Ominously, the baby was silent. What was wrong with him? He should have been screaming his head off. She was hanging almost upside down; his car seat must also be tilted at the same precarious angle.
The voice came closer. “Don’t worry. Everything will be all right.”
The car shifted. Tessa’s stomach lurched sickeningly as she slid forward, the safety belt unwinding and no longer supporting her body. She braced her left hand on the strangely crooked dash. Too late. Her neck jerked toward the steering wheel. Pain shot through her temple and the world turned black and cold.
* * * *
“No, it can’t be. You’re lying. It’s not true.” Tessa pounded her fist on the rail at the edge of the bed. She gripped the cold metal and struggled to sit up. The room swirled around her.
Gritting her teeth, she pushed at the rail. The IV in the back of her hand ripped free, the small sting negligible compared to the agony tearing through her heart. She yanked the end of the tape loose and tossed the needle aside. It dangled from the IV pole, swinging gently.
“Tessa, dear, you’ll hurt yourself.” Alexander stood by the bed, his face creased, his hands twisting together as if he wanted to console her but didn’t know how.
There was no consolation. Not from this. “You’re lying.” Her voice rose to a scream. “He’s not dead. My baby’s not dead.” She hammered her clenched hand on the bed rail that trapped her. “He’s not! He’s not! He’s not!”
A nurse rushed in, a young woman who’d graduated from the same high school class as Tessa. “Tessa, I’m so sorry. We didn’t know how to tell you.”
Tessa fixed her with an accusing stare. “So you knew, did you?”
“I’m sorry.” Tears filled her eyes. She looked at the deflated bag on the IV pole. “I guess you won’t need it any more. I can get you a sedative, if you want. Let you rest until you’re feeling better.”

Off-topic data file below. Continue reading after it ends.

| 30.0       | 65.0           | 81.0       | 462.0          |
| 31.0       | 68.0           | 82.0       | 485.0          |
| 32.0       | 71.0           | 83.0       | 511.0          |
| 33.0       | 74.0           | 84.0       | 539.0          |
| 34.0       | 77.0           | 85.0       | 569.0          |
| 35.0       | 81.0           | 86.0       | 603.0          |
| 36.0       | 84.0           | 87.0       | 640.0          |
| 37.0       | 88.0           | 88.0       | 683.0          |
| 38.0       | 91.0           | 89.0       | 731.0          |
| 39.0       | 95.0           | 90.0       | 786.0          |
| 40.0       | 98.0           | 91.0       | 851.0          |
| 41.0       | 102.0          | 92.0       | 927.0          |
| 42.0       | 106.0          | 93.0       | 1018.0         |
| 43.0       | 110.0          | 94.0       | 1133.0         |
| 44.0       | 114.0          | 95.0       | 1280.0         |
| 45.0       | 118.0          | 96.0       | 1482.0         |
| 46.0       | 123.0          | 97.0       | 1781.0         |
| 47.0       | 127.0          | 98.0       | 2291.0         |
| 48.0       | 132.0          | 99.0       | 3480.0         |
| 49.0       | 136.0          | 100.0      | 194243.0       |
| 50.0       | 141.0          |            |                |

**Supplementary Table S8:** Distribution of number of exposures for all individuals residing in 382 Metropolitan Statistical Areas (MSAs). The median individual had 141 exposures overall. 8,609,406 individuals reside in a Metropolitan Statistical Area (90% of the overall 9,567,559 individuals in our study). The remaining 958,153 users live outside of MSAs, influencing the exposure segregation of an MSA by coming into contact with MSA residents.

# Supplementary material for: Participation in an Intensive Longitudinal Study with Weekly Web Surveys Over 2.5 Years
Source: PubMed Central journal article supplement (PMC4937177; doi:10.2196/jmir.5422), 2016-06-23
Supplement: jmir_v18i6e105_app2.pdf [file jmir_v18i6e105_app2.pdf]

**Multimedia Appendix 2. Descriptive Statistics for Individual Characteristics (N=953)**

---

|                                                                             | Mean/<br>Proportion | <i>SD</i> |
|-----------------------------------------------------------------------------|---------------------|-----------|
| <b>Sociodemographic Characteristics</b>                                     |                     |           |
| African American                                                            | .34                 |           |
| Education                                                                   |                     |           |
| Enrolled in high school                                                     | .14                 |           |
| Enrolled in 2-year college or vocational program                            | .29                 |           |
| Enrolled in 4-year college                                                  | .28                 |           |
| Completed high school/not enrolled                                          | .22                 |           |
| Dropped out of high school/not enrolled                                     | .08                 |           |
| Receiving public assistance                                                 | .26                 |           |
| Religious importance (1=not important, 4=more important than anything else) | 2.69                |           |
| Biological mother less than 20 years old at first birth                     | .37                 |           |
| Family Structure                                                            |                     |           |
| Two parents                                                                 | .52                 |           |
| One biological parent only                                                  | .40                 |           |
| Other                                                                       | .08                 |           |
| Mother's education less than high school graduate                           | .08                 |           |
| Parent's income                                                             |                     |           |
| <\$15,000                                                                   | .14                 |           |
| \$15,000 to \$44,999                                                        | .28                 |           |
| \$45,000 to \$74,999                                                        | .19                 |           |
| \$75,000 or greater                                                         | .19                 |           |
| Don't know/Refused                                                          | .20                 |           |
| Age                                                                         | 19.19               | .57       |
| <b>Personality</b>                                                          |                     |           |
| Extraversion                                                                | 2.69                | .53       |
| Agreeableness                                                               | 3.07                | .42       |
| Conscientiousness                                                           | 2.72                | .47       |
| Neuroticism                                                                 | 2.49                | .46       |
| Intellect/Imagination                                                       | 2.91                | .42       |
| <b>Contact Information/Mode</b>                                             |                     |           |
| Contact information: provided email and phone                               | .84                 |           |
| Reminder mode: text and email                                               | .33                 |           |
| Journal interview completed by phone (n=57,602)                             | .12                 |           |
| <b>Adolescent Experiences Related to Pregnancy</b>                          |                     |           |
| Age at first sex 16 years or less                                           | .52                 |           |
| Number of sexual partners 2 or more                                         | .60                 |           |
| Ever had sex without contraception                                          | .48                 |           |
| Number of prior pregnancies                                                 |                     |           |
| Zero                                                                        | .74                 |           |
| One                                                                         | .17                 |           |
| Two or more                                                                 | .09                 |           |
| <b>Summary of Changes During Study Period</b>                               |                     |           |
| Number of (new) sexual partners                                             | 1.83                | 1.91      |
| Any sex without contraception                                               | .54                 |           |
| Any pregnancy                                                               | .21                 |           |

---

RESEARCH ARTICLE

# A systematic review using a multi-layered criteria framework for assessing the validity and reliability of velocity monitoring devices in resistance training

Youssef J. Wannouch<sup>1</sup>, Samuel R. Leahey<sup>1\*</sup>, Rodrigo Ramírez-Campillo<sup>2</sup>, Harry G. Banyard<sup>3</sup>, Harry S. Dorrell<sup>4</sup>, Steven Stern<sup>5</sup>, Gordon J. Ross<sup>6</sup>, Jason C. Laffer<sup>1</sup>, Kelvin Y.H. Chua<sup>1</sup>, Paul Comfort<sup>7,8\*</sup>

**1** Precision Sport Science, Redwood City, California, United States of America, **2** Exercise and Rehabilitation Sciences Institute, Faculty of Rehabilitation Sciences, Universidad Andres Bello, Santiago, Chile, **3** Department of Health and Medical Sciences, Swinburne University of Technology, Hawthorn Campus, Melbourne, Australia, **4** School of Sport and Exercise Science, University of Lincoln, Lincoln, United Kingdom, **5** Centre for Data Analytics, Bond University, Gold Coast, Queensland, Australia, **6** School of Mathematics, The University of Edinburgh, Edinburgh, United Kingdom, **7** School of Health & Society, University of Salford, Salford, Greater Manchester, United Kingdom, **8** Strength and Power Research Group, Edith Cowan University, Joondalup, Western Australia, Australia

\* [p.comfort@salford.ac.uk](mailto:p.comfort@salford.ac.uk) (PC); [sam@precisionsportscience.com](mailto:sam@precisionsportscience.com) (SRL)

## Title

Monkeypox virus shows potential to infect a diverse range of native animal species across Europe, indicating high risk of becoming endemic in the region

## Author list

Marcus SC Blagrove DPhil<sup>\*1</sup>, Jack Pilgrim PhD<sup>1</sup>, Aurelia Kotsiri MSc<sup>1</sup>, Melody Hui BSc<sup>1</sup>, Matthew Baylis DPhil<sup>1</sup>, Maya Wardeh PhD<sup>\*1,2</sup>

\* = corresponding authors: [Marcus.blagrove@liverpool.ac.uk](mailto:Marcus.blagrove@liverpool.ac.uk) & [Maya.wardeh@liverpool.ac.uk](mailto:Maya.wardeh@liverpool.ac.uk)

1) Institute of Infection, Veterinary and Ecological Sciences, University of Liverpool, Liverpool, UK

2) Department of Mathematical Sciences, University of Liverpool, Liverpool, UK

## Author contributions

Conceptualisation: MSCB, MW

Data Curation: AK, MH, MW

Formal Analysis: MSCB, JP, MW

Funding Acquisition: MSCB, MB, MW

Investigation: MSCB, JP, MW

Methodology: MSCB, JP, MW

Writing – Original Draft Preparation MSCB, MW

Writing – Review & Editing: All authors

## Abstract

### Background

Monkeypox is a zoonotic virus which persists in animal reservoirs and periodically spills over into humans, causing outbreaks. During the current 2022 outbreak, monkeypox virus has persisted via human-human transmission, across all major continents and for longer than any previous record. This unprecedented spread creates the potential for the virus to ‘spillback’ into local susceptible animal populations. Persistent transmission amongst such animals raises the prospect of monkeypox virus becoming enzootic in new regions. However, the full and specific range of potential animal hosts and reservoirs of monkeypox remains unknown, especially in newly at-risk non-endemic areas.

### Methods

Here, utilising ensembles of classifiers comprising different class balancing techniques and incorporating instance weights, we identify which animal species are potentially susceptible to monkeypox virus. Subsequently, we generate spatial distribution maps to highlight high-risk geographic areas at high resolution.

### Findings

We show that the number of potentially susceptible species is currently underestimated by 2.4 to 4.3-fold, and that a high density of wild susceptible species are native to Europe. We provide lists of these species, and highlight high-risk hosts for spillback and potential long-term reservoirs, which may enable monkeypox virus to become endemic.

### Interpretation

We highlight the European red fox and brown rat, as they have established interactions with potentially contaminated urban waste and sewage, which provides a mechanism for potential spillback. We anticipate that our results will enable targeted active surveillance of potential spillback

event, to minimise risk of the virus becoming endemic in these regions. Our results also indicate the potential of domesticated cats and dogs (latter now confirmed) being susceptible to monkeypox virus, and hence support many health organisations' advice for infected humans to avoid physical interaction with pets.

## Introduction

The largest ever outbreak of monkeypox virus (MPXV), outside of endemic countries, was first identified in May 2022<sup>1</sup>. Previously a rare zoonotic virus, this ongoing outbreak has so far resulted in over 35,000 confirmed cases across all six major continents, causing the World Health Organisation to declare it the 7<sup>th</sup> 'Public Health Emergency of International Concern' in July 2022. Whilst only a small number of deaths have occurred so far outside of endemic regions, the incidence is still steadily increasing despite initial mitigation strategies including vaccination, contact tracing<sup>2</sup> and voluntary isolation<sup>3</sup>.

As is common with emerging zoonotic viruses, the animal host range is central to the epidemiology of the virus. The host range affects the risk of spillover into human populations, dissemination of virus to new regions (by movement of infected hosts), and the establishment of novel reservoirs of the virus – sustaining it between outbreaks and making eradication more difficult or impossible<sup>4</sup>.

“I’ll never feel better.” The pain spread through her body, lacerating nerve endings. An icy chill enveloped her. She shuddered, her teeth clattering together. “No, he’s not dead. You’re all lying. He’s not.” Her voice faded into a husky croak, and she collapsed back onto the pillows, gasping for breath.
“It’s hard now,” the nurse said soothingly. “But time heals everything.”
“It won’t bring my baby back.” Exhausted, Tessa stared up at the ceiling, her eyes tracing an old yellowed water mark on the white plaster. “Please go. I want to be alone.”
The nurse hovered, making worried noises. Tessa wished she’d just leave. She didn’t want a sedative. She’d been unconscious long enough. Too long, not knowing.
Alexander spoke to the nurse in a low voice. “I can handle it. I’ll call you if we need anything.”
“Okay. That might be best, for her to have family with her.”
Rubber soles squeaked faintly across the floor and the door swished closed.
Alexander touched Tessa’s hand. She jerked it out of his reach. His face etched with lines of concern, he sat down, folding his hands in his lap. “Dear Tessa, please let me help you. I know how you must feel—”
“How can you know how I feel? You’ve never had a child. Never lost a child.” She choked on the words, the lump of tears she couldn’t shed closing her throat. “Then why did they take my milk, let me believe my baby was alive and in another room? Why?”
“Because you were so ill we feared you’d die unless you had something to hope for. And you insisted.”